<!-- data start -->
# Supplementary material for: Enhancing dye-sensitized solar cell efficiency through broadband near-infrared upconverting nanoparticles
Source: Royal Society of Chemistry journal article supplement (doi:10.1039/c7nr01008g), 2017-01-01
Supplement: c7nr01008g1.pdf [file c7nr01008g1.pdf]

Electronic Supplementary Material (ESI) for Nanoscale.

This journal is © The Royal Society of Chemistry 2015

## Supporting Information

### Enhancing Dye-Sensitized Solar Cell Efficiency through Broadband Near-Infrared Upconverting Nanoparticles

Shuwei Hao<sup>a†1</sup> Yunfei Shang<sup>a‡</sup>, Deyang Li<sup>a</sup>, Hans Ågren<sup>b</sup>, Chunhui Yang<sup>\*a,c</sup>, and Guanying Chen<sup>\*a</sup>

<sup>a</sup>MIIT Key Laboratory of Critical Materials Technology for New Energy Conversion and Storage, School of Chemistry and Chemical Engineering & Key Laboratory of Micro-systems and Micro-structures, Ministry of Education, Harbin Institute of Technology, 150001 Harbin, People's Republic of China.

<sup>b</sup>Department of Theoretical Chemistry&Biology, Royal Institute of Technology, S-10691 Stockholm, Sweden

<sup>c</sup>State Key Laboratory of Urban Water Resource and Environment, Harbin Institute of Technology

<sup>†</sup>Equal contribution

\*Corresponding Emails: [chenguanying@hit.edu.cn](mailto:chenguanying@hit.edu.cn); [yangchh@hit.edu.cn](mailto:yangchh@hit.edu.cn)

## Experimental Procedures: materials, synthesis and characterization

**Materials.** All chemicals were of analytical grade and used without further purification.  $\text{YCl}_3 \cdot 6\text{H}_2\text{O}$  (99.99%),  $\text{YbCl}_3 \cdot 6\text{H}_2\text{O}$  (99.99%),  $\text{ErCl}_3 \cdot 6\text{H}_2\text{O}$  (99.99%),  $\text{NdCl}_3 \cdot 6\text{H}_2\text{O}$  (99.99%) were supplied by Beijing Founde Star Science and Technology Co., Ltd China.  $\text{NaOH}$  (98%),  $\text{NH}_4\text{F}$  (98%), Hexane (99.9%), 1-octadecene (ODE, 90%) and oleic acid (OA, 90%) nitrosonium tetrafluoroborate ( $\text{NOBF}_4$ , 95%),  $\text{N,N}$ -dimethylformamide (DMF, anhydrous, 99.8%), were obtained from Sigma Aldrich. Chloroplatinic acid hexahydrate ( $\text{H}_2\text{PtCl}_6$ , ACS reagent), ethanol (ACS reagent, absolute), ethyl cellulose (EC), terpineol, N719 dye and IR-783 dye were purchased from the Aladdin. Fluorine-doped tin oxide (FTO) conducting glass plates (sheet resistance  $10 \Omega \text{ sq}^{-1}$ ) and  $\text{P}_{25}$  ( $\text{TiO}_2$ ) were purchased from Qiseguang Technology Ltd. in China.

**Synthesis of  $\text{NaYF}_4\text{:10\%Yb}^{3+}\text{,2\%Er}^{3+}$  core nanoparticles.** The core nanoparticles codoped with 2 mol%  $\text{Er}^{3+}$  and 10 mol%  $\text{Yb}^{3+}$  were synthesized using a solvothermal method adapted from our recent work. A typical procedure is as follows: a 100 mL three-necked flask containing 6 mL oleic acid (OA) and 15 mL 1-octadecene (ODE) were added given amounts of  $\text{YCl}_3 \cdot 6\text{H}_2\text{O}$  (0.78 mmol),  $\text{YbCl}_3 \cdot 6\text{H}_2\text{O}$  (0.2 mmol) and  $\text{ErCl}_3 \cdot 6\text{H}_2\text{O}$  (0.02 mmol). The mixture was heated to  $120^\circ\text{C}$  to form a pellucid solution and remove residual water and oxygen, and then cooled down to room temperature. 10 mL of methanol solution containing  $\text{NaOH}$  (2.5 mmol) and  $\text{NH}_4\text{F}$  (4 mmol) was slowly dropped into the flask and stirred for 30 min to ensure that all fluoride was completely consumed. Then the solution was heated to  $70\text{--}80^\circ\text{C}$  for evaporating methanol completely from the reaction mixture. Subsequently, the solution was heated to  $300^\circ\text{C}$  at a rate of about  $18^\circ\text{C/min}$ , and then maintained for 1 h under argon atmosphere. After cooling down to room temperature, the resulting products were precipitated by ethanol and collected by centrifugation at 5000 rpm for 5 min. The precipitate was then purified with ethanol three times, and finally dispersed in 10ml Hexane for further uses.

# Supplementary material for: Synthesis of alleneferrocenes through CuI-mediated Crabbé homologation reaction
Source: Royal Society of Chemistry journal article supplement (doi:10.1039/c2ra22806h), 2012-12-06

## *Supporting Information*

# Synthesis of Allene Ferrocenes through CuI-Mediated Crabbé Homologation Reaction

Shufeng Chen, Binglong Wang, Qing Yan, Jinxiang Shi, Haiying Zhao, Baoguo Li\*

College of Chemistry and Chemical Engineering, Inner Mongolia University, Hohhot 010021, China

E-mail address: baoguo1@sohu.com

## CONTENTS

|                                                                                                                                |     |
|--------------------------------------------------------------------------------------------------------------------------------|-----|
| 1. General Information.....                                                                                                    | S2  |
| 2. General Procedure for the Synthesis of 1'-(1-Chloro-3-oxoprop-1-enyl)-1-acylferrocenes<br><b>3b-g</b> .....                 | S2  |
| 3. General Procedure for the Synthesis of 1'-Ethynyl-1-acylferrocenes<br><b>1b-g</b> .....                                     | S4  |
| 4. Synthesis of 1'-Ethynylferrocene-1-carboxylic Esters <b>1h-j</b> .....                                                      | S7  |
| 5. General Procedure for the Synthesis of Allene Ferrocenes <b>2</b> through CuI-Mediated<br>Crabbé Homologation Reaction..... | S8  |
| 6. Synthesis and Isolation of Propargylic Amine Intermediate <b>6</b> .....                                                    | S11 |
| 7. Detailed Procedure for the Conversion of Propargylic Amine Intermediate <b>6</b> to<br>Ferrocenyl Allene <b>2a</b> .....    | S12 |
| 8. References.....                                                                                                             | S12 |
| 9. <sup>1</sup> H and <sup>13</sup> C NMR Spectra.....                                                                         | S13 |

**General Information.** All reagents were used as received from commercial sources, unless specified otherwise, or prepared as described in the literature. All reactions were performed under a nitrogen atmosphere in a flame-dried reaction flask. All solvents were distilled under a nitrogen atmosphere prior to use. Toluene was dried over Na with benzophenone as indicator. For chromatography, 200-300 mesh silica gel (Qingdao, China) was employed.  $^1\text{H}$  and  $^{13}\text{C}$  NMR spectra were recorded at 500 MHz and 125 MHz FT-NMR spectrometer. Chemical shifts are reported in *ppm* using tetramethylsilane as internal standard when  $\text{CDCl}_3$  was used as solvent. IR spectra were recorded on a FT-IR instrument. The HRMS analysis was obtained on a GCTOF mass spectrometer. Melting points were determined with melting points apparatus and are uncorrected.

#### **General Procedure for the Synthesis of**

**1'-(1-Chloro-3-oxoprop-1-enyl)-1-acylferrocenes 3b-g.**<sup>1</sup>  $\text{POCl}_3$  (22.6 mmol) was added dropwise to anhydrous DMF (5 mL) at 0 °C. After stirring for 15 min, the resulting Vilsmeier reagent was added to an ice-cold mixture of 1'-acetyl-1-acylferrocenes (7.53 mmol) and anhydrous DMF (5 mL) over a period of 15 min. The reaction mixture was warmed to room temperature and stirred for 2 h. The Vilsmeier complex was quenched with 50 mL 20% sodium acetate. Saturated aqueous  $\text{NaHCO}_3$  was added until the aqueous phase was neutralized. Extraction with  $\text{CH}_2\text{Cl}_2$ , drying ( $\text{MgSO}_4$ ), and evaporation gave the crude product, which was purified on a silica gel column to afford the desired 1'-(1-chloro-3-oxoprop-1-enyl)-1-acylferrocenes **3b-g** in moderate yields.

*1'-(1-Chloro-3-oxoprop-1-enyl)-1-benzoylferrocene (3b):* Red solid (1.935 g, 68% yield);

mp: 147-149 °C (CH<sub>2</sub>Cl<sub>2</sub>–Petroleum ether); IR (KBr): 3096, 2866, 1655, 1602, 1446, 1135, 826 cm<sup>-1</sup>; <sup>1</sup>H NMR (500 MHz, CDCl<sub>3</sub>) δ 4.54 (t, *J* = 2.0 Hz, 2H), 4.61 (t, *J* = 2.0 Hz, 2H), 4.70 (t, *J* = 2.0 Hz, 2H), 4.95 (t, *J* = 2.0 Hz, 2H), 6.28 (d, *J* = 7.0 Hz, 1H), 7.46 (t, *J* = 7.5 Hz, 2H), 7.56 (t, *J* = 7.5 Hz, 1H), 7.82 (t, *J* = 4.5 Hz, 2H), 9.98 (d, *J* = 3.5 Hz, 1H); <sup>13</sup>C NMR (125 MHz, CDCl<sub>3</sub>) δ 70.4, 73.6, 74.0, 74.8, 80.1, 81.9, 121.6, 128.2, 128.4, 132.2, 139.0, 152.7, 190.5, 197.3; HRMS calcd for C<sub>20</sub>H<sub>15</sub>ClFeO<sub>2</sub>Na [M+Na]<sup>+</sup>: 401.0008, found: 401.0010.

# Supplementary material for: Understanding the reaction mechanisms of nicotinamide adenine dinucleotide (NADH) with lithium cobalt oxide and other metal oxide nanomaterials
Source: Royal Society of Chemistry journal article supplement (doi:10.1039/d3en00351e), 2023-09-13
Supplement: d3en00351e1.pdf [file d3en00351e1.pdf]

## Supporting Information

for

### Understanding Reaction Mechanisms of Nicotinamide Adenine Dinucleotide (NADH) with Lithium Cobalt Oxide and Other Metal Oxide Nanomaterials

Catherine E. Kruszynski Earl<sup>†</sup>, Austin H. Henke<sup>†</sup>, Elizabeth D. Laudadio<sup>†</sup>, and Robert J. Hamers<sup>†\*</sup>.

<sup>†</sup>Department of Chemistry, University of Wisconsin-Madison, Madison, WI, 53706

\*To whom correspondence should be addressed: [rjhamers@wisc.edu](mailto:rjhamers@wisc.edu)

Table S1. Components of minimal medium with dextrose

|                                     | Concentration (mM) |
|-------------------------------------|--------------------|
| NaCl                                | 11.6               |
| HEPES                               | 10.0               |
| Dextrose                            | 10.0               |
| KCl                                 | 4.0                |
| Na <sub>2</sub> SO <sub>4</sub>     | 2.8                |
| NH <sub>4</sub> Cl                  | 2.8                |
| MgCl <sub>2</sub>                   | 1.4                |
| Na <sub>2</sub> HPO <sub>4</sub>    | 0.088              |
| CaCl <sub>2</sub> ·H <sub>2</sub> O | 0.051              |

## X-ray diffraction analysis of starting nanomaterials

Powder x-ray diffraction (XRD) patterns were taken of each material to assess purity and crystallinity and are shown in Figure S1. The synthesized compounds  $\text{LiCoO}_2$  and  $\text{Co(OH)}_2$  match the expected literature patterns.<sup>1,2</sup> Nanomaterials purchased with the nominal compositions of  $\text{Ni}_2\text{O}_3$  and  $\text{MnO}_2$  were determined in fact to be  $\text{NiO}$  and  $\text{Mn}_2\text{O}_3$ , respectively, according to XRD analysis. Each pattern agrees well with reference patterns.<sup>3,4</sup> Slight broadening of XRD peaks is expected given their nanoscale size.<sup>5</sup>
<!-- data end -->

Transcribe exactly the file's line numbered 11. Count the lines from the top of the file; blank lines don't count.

<sup>c</sup>State Key Laboratory of Urban Water Resource and Environment, Harbin Institute of Technology